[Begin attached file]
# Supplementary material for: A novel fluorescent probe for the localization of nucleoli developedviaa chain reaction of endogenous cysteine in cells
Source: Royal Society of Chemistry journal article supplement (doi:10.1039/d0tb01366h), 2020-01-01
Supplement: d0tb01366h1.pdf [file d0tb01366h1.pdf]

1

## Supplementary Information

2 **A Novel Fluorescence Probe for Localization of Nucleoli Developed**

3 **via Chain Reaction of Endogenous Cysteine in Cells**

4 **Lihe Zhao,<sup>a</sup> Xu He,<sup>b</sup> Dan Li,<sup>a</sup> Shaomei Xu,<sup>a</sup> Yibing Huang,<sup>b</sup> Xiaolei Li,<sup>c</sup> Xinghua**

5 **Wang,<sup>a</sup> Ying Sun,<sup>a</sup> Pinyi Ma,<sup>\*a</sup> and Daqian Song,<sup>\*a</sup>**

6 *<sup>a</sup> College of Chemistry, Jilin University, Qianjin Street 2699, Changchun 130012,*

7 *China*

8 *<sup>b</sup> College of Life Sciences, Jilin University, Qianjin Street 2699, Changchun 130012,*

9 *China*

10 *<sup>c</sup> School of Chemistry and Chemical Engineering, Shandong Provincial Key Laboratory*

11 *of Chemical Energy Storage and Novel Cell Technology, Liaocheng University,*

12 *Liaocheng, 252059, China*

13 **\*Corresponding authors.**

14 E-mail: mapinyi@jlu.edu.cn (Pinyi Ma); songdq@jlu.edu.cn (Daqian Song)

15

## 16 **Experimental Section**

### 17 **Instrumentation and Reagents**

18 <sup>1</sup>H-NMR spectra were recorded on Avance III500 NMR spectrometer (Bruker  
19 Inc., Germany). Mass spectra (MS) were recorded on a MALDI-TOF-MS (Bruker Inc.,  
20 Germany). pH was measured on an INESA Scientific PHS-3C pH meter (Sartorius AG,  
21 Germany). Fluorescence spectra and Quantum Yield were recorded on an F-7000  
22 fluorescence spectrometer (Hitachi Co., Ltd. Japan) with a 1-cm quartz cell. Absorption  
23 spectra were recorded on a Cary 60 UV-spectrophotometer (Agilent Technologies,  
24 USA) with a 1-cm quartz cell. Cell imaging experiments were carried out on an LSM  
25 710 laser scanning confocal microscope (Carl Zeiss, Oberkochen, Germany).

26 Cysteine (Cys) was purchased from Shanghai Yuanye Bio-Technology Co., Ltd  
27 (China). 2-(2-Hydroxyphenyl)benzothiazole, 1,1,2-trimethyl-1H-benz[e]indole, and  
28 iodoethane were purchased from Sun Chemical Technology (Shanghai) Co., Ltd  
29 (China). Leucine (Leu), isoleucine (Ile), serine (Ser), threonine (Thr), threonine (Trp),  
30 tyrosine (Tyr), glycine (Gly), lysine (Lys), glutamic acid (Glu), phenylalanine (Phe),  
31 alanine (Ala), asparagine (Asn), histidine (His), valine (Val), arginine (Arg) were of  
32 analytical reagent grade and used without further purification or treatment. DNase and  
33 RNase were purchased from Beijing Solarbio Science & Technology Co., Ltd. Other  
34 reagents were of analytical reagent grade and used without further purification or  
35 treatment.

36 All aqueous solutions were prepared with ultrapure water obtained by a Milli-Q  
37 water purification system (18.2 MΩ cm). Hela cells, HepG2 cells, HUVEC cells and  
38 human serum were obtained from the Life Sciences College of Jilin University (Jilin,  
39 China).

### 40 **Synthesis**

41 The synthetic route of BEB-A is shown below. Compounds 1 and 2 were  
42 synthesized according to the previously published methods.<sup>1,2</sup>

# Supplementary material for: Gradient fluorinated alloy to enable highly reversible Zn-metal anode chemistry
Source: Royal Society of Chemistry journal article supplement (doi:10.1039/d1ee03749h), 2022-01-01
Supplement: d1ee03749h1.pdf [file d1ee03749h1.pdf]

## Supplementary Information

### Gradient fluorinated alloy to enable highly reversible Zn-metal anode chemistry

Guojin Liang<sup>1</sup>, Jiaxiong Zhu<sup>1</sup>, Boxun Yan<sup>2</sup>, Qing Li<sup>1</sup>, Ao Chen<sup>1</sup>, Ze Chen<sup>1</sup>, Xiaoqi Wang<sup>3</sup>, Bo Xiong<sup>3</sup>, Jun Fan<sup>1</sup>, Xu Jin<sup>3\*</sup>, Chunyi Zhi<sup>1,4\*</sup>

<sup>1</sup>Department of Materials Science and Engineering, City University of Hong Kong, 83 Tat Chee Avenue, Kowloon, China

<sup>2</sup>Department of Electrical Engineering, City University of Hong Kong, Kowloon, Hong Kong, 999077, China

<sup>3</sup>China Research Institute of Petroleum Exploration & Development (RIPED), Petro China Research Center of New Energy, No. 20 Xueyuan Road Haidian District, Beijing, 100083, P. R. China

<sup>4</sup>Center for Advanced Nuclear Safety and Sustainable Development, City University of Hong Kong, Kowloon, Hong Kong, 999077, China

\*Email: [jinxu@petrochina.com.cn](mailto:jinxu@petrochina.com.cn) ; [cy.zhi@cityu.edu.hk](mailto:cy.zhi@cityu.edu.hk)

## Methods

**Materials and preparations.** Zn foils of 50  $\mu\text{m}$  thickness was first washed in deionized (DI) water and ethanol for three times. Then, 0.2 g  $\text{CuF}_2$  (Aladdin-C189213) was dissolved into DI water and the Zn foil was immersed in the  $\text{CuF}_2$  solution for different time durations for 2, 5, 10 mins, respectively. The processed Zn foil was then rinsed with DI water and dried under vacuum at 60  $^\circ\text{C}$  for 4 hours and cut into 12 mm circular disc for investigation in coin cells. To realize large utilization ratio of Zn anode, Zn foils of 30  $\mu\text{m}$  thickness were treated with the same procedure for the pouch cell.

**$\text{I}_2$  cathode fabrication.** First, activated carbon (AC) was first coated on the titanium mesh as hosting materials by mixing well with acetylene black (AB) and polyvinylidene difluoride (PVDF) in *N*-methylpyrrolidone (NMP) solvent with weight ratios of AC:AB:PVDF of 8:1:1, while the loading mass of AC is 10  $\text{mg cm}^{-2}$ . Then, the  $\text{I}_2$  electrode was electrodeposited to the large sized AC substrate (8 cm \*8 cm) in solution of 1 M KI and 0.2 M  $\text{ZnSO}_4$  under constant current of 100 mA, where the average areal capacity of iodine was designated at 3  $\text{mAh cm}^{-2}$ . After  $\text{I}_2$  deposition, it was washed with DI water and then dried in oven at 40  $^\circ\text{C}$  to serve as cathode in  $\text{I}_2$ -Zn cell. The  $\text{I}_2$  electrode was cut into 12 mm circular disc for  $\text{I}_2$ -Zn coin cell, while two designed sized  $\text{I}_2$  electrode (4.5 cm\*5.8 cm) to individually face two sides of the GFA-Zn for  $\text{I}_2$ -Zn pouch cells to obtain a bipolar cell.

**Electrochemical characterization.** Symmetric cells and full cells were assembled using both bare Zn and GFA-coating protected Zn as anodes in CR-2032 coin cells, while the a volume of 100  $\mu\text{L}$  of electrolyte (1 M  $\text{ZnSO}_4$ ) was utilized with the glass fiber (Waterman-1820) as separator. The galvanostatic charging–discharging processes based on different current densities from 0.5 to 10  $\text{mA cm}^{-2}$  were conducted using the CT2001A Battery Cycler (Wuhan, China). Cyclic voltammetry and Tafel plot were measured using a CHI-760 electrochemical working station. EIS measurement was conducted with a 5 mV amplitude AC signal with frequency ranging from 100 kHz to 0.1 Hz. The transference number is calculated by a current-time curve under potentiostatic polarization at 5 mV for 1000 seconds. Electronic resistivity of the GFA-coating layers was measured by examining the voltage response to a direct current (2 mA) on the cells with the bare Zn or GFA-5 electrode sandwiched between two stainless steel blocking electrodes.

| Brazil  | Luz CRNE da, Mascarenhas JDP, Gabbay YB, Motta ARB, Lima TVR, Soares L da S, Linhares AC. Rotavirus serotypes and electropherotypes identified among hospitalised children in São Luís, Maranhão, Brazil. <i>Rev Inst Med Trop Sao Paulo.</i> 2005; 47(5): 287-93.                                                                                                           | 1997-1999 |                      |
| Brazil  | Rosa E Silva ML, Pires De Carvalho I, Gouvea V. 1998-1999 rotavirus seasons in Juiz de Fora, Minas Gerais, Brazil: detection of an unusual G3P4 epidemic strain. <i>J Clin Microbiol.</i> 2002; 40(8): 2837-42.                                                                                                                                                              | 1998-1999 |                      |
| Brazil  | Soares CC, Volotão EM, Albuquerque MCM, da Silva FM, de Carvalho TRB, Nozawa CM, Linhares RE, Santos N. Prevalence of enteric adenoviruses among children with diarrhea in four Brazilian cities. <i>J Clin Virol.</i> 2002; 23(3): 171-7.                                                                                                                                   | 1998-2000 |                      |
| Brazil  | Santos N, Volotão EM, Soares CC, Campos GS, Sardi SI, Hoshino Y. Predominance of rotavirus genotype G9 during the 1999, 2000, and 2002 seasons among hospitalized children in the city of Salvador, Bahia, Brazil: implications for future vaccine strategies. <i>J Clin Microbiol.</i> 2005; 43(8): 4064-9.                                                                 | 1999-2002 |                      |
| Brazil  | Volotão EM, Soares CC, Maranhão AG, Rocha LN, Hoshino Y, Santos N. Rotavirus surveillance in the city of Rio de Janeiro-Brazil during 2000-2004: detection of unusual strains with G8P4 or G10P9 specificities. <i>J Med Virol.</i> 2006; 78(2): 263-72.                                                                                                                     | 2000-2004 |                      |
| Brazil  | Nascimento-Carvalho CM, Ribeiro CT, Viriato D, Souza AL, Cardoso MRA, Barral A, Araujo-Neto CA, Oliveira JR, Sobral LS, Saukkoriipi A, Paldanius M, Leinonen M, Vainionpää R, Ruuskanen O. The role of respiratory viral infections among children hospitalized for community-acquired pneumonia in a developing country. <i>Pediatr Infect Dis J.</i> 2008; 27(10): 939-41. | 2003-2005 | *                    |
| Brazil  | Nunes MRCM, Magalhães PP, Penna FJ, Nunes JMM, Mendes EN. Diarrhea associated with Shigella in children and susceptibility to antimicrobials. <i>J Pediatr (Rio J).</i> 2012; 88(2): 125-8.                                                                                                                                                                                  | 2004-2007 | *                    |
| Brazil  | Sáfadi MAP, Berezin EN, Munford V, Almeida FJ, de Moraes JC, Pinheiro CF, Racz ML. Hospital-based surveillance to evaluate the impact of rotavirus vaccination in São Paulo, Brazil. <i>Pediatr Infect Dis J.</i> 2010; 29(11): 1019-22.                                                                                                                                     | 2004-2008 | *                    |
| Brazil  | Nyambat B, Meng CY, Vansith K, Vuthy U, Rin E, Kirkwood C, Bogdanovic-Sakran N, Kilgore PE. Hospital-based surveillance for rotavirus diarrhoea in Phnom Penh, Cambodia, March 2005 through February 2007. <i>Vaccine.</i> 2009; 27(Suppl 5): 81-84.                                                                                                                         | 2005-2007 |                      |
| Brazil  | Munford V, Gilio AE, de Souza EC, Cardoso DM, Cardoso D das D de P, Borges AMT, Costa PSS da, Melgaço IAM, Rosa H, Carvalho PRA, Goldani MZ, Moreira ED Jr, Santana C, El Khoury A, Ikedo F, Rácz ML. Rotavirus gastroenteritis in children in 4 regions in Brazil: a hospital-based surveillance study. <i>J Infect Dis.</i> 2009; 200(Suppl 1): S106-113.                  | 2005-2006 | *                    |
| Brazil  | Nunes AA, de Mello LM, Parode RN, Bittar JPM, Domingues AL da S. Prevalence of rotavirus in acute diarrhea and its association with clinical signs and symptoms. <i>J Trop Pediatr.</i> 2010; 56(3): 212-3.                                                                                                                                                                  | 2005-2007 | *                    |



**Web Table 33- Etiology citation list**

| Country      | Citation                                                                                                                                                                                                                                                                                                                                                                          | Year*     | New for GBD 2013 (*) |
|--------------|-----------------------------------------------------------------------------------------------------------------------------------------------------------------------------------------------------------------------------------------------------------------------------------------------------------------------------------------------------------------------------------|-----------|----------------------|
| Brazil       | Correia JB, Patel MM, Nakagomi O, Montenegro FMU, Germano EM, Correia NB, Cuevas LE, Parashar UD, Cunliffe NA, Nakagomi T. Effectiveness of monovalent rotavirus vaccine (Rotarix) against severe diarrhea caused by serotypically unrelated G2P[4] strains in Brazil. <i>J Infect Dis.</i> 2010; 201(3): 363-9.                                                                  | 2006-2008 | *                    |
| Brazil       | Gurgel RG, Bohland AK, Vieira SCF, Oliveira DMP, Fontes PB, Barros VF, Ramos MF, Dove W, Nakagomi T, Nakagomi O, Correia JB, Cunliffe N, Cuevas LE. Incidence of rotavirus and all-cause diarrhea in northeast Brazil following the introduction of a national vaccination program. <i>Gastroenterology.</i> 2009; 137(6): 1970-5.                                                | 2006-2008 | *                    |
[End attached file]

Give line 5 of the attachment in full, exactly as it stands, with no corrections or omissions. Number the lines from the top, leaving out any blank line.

## Supplementary Information